Ditropan XL - National Multiple Sclerosis Society

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Ditropan XL

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About this Medication
  • Brand Name: Ditropan XL (U.S. and Canada)
  • Chemical Name: oxybutynin (ox-i-byoo-ti-nin) chloride-extended release
  • Usage in MS: Bladder Dysfunction
  • Generic Available: No

Description

This form of oxybutynin is an extended-release antispasmodic that is formulated to help decrease muscle spasms of the bladder and the frequent urge to urinate caused by these spasms.

Proper Usage

The tablet is to be swallowed whole, once a day, with liquids. It can be taken with or without food. Because the medication is contained within a nonabsorbable shell that is designed to release the drug at a controlled rate, the tablet should not be chewed, crushed, or divided. The shell is routinely eliminated from the body in the stool.

Warnings and Precautions

The FDA has added a warning to the labeling of this medication and others containing oxybutynin, stating that angioedema (a swelling similar to hives that occurs under the skin) of the face, lips, tongue and/or larynx has been reported with oxybutynin taken orally. In some cases, angioedema occurred after the first dose; in other cases it occurred with later doses. The swelling was severe enough in some individuals to interfere with breathing and required hospitalization and emergency treatment. Although this reaction appears to be relatively rare, given the many years that oxybutynin has been used safely and successfully by people with MS and others, any person taking a medication containing oxybutynin who experiences swelling of the tongue or throat or difficulty breathing should stop the medication and seek immediate medical attention.

This medication adds to the effects of alcohol and other central nervous system depressants (such as antihistamines, sedatives, tranquilizers, prescription pain medications, seizure medications, muscle relaxants). Be sure that your physician knows if you are taking these or any other medications.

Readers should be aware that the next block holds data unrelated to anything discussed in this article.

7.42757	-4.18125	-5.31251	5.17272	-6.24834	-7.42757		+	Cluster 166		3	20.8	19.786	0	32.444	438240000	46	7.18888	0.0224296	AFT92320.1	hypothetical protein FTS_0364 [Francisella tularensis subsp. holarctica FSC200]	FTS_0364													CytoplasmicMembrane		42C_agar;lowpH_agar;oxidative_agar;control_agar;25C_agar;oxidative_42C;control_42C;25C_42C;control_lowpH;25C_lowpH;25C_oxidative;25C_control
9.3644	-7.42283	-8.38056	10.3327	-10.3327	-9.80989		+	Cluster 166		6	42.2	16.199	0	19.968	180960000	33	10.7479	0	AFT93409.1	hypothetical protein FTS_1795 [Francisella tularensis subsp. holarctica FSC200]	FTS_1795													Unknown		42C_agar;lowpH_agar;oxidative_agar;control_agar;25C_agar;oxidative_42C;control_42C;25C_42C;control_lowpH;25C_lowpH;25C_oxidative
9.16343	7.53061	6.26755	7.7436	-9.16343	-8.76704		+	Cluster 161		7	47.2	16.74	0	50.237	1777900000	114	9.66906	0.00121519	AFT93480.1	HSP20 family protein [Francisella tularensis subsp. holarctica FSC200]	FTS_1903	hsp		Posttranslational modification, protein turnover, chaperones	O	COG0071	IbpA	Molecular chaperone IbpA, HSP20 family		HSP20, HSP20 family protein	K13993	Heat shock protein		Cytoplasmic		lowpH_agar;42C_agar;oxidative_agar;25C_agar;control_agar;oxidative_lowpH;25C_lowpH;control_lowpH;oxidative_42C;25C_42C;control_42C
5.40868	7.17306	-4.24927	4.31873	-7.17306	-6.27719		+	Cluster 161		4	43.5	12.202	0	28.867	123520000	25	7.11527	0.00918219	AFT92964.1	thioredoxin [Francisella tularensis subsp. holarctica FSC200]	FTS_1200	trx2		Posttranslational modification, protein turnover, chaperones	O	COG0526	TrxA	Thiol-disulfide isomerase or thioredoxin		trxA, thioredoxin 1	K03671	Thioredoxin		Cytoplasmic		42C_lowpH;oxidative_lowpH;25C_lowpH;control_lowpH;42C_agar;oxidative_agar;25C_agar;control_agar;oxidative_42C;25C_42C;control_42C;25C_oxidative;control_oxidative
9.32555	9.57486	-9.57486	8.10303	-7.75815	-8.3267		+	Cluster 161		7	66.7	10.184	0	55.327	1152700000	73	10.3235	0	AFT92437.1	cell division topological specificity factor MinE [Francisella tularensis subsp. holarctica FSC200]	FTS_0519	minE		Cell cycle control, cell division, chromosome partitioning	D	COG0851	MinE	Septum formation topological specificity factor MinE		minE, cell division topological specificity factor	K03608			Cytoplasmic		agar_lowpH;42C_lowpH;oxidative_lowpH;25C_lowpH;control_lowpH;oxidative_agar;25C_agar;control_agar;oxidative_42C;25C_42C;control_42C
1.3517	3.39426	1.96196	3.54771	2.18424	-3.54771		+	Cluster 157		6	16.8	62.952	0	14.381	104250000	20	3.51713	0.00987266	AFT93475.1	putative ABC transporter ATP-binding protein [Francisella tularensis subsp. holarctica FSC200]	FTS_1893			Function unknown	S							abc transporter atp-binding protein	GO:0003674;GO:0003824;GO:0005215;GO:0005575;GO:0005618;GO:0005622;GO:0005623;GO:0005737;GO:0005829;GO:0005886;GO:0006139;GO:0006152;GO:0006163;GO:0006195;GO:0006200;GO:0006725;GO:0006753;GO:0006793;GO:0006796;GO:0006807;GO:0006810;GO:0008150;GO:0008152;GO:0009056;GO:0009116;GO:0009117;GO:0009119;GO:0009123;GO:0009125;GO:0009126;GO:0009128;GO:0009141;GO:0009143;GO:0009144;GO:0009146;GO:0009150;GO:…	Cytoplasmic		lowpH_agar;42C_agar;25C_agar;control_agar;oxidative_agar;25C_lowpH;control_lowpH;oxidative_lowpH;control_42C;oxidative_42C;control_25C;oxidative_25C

Oxybutynin, like all anticholinergic medications, can induce drowsiness and/or blurred vision.

Oxybutynin, like all anticholinergic medications, can cause heat prostration (fever and heat stroke due to decreased sweating) when taken in very hot weather.

Oxybutynin may cause drying of the mouth. Since continuing dryness of the mouth can increase the risk of dental disease, alert your dentist if you are taking oxybutynin.

Oxybutynin has not been studied in pregnant women. It has not been shown to cause birth defects or other problems in animal studies. Do not take this medication while pregnant unless specifically instructed to do so by your physician.

This medication has not been reported to cause problems in nursing babies. However, since it tends to decrease body secretions, oxybutynin may reduce the flow of breast milk. Do not take this medication while nursing without discussing it with your physician.

Possible Side Effects

Side effects that typically go away as your body adjusts to the medication and do not require medical attention unless they continue for a few weeks or are bothersome: constipation*; decreased sweating; unusual drowsiness*; dryness of mouth, nose, throat; blurred vision*; decreased flow of breast milk; decreased sexual ability*; difficulty swallowing*; headache; increased light sensitivity; nausea or vomiting; trouble sleeping; unusual tiredness or weakness*.

Less common side effects that should be reported to your physician immediately: difficulty in urination*.

*Since it may be difficult to distinguish between certain common symptoms of MS and some side effects of oxybutynin, be sure to consult your healthcare professionals if an abrupt change of this type occurs.



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